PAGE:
When BB-65 was redesignated an Iowa-class battleship, she was assigned the name Illinois and reconfigured to adhere to the "fast battleship" designs planned in 1938 by the Preliminary Design Branch at the Bureau of Construction and Repair.[b][10] Her funding was authorized via the passage of the Two-Ocean Navy Act by the US Congress on 19 July 1940, and she would now be the fifth Iowa-class battleship built for the United States Navy.[10][11] Her contract was assigned on 9 September 1940, the same date as Kentucky.[12] Illinois's keel was laid down at the Philadelphia Naval Shipyard, on 6 December 1942;[13] her projected completion date was 1 May 1945.[12] This amounted to a construction time of about 30 months. She would be tasked primarily with the defense of the US fleet of Essex-class aircraft carriers. In adherence with the Iowa-class design, Illinois would have a maximum beam of 108 ft (33 m) and a waterline length of 860 ft (260 m), permitting a maximum speed of 32.5 knots (60.2 km/h).[3]

Like Kentucky, Illinois differed from her earlier sisters in that her design called for an all-welded construction, which would have saved weight and increased strength over a combination riveted/welded hull used on the four completed Iowa-class ships. Engineers considered retaining the original Montana-class armor for added torpedo and naval mine protection because the newer scheme would have improved Illinois's armor protection by as much as 20%.[14][better source needed] This was rejected due to time constraints and Illinois was built with an Iowa-class hull design.[3] Funding for the battleship was provided in part by "King Neptune", a Hereford swine auctioned across the state of Illinois as a fundraiser, ultimately helping to raise $19 million in war bonds.[15]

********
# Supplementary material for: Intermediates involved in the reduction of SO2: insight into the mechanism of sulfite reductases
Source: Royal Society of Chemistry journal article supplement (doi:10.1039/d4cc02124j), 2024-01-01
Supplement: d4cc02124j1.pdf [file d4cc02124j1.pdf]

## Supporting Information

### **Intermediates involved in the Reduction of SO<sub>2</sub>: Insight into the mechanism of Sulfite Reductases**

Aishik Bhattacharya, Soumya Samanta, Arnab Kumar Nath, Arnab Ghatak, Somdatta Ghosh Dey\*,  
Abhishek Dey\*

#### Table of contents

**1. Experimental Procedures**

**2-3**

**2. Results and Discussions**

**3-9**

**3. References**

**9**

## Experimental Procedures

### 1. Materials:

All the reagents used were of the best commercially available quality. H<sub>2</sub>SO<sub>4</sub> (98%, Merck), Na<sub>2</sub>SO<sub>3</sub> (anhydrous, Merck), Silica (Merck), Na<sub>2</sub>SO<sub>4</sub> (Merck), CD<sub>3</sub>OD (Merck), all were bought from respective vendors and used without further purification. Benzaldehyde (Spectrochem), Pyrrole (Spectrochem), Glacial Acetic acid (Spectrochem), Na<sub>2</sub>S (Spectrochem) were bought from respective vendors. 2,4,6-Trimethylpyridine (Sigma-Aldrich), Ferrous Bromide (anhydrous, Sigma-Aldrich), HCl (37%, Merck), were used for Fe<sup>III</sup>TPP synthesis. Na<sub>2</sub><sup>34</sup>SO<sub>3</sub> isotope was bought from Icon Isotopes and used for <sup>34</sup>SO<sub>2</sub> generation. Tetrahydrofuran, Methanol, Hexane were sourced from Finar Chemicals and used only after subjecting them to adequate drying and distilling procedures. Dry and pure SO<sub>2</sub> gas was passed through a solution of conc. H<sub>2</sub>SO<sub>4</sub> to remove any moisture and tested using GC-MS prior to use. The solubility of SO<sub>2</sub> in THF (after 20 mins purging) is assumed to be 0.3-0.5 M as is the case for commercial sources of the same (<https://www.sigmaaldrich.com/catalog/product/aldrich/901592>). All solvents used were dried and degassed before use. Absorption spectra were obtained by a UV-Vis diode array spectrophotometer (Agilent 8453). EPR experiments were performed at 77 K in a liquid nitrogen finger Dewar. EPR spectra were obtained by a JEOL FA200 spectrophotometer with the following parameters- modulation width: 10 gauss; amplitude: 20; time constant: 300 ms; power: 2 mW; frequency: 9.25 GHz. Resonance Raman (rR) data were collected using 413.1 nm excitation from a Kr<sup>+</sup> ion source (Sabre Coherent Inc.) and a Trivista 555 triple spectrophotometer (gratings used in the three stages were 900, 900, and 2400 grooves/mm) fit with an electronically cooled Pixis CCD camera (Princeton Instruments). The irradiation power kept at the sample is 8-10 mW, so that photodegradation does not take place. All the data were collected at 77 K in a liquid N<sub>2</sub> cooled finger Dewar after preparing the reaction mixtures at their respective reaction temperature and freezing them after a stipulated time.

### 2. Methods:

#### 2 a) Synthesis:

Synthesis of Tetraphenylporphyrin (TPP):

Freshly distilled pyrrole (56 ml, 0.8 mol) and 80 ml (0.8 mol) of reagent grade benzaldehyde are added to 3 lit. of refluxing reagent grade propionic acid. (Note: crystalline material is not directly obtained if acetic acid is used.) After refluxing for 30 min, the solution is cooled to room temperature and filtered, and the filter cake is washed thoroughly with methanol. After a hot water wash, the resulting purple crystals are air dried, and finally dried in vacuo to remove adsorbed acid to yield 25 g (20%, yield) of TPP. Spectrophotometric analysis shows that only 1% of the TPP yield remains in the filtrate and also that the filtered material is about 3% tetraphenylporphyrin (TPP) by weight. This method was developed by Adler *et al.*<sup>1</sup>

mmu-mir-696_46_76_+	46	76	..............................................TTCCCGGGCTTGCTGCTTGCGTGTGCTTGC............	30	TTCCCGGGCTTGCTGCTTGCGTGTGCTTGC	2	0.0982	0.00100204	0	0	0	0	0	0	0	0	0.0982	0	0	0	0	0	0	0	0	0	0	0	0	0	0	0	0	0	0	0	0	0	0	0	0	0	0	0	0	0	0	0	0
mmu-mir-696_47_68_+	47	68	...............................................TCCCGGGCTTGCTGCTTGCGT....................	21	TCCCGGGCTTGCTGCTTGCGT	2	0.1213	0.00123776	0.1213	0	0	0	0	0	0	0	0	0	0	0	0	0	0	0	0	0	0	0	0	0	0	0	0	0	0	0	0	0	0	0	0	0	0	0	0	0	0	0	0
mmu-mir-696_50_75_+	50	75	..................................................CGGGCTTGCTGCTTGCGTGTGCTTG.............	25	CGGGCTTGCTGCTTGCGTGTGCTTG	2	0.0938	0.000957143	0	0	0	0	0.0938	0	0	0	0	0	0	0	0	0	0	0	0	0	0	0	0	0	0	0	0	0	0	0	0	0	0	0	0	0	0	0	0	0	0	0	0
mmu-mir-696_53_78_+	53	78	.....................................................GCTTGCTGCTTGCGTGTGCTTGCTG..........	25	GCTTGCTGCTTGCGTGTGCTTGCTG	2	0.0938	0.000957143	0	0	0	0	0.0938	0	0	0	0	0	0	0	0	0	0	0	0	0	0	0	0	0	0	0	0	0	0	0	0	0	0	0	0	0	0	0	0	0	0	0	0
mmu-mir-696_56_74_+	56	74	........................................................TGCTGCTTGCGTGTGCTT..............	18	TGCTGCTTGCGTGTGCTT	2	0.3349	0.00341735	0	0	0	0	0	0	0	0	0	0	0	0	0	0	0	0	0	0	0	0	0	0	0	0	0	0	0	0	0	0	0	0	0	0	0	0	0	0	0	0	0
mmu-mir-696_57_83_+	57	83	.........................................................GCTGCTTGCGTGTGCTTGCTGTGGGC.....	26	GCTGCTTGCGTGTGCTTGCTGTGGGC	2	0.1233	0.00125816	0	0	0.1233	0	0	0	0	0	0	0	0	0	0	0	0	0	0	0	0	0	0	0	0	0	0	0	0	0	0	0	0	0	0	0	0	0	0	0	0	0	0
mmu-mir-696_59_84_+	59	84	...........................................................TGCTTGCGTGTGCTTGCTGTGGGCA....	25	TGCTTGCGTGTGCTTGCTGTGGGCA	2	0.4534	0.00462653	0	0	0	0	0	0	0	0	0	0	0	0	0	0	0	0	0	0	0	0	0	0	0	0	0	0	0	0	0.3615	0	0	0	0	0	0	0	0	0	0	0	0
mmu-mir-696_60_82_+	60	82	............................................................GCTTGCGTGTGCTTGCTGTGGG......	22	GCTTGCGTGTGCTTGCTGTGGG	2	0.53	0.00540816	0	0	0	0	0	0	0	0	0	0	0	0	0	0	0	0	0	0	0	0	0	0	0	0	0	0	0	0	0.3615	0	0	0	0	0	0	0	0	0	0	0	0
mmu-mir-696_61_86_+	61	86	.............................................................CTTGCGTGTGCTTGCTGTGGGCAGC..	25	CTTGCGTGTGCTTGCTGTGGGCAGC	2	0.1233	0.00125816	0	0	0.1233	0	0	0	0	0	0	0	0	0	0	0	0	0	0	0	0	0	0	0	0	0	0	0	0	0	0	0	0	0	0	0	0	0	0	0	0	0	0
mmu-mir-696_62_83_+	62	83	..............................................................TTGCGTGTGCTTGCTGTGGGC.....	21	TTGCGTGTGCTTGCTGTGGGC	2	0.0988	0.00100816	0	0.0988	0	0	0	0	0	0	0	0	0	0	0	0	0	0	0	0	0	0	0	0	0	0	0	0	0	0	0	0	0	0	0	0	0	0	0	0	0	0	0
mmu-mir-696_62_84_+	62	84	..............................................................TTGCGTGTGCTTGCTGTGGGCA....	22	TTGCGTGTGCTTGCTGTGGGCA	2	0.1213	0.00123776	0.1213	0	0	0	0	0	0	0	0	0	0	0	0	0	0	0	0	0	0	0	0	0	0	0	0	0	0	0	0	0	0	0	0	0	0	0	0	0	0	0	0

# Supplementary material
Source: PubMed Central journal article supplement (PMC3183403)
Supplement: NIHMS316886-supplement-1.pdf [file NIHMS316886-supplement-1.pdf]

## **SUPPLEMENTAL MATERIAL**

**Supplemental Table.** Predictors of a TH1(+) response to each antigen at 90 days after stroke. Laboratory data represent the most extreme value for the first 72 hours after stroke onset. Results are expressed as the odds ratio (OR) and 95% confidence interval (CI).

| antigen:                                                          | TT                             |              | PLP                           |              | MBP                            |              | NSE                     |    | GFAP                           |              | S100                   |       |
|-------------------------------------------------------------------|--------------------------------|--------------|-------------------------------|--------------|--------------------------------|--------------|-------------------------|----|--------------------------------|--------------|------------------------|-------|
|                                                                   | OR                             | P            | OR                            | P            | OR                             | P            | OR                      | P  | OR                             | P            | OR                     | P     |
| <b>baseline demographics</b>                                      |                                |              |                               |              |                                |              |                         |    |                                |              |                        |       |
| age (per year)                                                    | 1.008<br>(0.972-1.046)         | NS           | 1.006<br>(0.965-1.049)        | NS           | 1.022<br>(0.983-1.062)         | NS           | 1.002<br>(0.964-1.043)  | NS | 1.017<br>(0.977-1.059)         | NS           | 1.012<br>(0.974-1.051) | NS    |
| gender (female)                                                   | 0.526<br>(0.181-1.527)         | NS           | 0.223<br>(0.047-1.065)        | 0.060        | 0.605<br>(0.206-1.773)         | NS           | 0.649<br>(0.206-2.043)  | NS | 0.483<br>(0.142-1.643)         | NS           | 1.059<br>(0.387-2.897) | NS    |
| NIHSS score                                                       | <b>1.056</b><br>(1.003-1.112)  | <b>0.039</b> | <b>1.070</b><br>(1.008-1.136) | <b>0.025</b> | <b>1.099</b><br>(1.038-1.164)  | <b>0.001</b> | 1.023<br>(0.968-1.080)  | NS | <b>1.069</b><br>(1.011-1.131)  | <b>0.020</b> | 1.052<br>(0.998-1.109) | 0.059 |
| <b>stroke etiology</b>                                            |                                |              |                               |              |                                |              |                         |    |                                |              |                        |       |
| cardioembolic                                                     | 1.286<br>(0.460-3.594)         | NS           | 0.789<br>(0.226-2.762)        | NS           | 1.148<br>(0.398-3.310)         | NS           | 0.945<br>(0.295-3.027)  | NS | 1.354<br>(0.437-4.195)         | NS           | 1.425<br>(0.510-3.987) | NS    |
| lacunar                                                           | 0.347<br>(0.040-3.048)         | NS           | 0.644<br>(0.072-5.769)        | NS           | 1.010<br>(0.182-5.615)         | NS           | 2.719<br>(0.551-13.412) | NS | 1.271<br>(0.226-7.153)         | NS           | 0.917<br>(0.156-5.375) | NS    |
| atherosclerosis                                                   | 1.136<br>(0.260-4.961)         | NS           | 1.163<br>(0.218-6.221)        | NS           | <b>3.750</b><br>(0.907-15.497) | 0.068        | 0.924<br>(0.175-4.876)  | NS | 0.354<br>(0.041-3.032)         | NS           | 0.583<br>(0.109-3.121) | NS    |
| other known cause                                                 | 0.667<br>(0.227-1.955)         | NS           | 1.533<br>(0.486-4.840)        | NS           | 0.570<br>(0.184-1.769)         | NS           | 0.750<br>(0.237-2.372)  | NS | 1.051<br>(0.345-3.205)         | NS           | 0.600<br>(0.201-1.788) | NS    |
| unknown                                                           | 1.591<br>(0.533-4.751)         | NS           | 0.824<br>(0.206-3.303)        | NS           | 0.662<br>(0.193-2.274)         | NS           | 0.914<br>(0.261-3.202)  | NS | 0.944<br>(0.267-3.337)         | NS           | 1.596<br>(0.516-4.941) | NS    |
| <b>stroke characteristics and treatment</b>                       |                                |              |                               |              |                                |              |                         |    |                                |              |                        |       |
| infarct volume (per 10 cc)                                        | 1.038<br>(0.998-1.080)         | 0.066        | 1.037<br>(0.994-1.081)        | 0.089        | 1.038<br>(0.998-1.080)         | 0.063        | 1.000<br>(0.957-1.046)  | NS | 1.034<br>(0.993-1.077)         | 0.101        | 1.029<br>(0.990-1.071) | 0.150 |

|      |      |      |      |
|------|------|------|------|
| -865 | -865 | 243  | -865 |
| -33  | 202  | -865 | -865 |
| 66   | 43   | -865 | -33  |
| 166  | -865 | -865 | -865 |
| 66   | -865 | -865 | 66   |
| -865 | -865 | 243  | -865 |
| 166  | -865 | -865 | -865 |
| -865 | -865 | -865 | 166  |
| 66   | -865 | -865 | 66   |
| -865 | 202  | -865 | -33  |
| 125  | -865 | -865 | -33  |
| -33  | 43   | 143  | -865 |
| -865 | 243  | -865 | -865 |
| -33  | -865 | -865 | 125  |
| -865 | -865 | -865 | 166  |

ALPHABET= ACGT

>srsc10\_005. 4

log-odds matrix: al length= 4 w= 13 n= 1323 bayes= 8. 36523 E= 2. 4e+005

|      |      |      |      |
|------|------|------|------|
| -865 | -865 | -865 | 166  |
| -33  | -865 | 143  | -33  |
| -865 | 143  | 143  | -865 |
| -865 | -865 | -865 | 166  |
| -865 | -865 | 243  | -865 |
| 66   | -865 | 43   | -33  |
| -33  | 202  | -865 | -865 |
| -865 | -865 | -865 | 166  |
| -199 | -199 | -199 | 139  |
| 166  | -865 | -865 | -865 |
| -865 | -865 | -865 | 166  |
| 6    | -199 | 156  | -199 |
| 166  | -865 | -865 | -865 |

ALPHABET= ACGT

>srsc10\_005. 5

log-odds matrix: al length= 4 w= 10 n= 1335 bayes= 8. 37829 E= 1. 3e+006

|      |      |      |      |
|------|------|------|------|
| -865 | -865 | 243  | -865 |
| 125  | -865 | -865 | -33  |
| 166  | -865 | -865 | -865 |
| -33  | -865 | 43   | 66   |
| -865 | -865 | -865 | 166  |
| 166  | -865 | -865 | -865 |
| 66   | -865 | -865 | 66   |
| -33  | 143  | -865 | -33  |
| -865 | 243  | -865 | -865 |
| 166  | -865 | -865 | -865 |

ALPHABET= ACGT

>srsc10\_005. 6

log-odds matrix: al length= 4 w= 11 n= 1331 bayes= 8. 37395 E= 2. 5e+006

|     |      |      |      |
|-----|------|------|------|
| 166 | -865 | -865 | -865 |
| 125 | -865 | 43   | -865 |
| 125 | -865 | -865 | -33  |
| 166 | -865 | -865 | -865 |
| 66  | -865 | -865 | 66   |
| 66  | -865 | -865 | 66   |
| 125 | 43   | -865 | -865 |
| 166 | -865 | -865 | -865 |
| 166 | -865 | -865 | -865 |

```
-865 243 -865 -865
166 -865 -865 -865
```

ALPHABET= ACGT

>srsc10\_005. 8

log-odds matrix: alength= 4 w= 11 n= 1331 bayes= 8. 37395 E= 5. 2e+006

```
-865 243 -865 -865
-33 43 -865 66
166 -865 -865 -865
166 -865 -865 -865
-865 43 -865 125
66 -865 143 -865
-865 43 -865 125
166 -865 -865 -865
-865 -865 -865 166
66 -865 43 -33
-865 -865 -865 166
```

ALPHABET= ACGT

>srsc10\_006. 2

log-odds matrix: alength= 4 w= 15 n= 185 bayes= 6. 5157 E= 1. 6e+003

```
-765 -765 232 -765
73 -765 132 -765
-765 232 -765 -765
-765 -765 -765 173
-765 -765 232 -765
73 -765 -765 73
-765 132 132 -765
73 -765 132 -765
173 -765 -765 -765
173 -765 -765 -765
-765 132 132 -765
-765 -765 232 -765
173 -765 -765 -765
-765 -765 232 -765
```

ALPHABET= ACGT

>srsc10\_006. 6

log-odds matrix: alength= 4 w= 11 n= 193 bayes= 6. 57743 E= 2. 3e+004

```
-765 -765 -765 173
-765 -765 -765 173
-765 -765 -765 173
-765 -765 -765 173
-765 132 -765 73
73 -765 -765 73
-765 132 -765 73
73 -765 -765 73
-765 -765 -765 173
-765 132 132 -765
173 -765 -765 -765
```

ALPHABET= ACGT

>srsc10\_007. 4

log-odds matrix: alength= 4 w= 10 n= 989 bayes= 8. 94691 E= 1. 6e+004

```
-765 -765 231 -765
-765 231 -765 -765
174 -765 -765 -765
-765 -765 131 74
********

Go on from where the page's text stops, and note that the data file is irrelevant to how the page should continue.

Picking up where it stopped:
Bell from the USS Illinois at the University of Illinois Memorial Stadium at the Urbana-Champaign Campus in Champaign, Illinois

Illinois's construction was put on hold in 1942 after the Battles of Coral Sea and Midway, while the Bureau of Ships considered an aircraft carrier conversion proposal for Illinois and Kentucky. As proposed, the converted Illinois would have had an 864-foot (263 m) long by 108-foot (33 m) wide flight deck, with an armament identical to the carriers of the Essex class: four twin 5-inch gun mounts and four more 5-inch guns in single mounts, along with six 40 mm quadruple mounts. It was abandoned after the design team decided that the converted carriers would carry fewer aircraft than the Essex class, that more Essex-class carriers could be built in the same amount of time to convert the battleships, and that the conversion project would be significantly more expensive than new Essexes. Instead, Illinois and Kentucky were to be completed as battleships, but their construction was given very low priority.[16]